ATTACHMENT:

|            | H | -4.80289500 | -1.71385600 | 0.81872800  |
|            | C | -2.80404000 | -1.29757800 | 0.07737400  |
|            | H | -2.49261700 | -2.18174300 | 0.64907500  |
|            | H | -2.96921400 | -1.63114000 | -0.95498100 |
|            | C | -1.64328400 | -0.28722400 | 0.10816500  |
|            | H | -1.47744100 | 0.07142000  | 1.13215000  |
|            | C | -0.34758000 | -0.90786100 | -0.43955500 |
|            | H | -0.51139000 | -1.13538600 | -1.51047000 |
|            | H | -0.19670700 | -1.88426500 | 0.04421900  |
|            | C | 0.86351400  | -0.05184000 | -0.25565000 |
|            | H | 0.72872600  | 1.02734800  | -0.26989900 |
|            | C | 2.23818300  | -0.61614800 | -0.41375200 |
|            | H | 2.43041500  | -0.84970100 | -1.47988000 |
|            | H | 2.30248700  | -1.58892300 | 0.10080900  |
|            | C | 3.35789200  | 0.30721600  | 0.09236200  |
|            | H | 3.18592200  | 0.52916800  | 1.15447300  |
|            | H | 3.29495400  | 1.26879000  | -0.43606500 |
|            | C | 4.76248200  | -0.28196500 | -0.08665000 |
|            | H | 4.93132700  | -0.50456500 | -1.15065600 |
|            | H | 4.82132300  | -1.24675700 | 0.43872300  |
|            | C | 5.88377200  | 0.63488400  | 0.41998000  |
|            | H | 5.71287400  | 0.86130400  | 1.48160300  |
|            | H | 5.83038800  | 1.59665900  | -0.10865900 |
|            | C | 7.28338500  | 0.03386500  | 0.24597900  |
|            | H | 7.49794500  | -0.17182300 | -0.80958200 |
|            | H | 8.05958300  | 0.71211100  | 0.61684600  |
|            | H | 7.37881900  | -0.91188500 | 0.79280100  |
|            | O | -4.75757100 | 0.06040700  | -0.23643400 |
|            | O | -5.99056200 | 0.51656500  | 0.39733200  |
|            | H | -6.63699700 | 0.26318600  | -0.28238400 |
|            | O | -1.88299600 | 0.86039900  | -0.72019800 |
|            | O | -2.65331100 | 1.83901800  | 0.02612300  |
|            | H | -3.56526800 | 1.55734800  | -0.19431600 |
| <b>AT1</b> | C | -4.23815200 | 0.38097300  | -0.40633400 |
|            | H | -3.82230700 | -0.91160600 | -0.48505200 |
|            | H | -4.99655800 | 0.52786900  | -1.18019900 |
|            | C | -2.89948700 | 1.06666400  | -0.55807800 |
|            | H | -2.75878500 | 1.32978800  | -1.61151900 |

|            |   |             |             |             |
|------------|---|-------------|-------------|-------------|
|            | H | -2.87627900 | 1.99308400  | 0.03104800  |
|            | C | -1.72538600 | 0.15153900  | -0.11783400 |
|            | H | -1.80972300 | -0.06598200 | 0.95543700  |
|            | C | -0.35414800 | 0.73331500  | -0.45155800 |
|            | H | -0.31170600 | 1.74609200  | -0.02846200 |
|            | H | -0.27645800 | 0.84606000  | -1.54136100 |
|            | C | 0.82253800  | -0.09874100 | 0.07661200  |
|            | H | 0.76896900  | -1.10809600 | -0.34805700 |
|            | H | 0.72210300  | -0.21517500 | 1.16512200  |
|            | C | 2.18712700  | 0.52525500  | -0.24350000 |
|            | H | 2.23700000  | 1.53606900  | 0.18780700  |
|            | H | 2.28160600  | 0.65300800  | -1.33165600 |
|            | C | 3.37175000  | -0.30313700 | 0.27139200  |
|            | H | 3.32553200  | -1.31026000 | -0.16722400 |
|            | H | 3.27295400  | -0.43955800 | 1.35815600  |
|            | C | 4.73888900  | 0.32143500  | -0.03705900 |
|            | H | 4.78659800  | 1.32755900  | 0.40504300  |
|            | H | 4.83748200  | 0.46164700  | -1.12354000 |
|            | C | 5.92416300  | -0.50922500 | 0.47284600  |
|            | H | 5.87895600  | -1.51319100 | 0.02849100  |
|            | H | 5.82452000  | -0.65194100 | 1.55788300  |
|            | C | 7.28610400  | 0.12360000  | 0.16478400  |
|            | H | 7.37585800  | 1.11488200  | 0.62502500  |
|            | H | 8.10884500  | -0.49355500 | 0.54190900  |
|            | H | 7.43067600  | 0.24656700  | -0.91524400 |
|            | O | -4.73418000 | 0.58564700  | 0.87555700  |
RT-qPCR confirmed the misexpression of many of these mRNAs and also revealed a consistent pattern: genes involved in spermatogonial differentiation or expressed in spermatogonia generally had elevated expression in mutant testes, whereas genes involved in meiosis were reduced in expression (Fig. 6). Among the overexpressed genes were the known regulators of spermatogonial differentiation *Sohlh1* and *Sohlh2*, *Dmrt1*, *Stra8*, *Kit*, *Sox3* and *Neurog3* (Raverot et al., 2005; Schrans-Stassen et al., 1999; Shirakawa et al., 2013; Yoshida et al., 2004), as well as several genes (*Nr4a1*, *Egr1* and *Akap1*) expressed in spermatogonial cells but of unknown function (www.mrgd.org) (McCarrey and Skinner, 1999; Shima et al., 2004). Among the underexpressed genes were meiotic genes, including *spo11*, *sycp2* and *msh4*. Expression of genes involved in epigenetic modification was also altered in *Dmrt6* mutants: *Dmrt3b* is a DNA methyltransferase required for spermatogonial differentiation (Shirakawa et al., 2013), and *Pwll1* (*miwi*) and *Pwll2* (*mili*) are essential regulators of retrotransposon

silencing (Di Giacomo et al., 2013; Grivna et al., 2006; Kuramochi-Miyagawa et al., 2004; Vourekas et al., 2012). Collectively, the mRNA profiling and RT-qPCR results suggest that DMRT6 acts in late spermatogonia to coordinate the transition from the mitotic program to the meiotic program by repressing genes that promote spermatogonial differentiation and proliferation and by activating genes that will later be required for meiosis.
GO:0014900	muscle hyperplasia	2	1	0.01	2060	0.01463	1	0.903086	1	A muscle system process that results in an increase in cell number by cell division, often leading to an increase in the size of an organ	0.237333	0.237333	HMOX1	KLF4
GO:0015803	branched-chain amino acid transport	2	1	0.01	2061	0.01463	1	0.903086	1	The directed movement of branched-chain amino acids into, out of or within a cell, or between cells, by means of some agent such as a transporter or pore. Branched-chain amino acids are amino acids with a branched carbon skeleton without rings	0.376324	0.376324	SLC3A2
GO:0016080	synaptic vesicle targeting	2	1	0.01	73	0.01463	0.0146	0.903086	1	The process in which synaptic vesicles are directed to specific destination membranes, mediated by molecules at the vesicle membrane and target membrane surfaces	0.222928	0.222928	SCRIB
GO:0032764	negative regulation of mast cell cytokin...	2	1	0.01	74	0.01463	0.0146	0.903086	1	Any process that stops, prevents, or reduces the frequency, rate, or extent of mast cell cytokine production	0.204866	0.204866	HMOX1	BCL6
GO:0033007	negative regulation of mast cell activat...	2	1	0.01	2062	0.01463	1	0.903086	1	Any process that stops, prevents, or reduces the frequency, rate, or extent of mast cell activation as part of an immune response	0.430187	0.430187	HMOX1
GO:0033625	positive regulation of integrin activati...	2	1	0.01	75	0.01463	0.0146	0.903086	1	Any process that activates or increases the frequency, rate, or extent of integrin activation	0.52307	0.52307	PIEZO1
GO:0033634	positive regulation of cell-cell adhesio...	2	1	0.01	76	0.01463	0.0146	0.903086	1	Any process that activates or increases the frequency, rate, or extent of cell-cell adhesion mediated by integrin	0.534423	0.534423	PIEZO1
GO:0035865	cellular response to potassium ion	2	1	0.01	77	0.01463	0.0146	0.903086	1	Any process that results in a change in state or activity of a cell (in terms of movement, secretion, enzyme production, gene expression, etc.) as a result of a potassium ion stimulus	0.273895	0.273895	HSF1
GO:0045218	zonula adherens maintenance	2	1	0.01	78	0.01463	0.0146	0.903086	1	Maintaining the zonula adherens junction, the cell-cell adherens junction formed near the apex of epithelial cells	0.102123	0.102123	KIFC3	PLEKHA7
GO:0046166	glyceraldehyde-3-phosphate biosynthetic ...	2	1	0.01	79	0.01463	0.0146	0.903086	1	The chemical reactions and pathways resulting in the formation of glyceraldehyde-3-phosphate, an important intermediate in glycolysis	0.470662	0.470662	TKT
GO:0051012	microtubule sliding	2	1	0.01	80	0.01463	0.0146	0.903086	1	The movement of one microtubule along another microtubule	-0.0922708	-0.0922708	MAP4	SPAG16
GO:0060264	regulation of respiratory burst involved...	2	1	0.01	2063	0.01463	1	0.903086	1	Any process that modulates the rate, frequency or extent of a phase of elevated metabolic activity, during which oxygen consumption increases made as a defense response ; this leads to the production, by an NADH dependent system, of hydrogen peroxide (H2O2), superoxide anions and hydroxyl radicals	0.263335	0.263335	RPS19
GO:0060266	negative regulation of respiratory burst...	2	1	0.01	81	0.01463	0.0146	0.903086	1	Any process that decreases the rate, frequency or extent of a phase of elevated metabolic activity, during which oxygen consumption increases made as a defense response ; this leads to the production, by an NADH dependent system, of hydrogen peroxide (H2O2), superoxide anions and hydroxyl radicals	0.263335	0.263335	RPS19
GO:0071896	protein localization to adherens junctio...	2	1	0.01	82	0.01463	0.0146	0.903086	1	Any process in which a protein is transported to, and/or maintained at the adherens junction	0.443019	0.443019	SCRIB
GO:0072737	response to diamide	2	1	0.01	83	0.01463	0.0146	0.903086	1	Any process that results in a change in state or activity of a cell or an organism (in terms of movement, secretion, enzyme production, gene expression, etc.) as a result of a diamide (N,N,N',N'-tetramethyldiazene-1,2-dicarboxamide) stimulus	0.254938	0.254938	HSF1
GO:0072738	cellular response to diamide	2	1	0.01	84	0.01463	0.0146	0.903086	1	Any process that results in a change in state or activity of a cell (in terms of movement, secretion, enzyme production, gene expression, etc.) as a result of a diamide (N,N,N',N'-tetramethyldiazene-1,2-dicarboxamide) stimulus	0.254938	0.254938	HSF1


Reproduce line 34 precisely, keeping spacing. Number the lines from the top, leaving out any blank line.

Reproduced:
| <b>AT1</b> | C | -4.23815200 | 0.38097300  | -0.40633400 |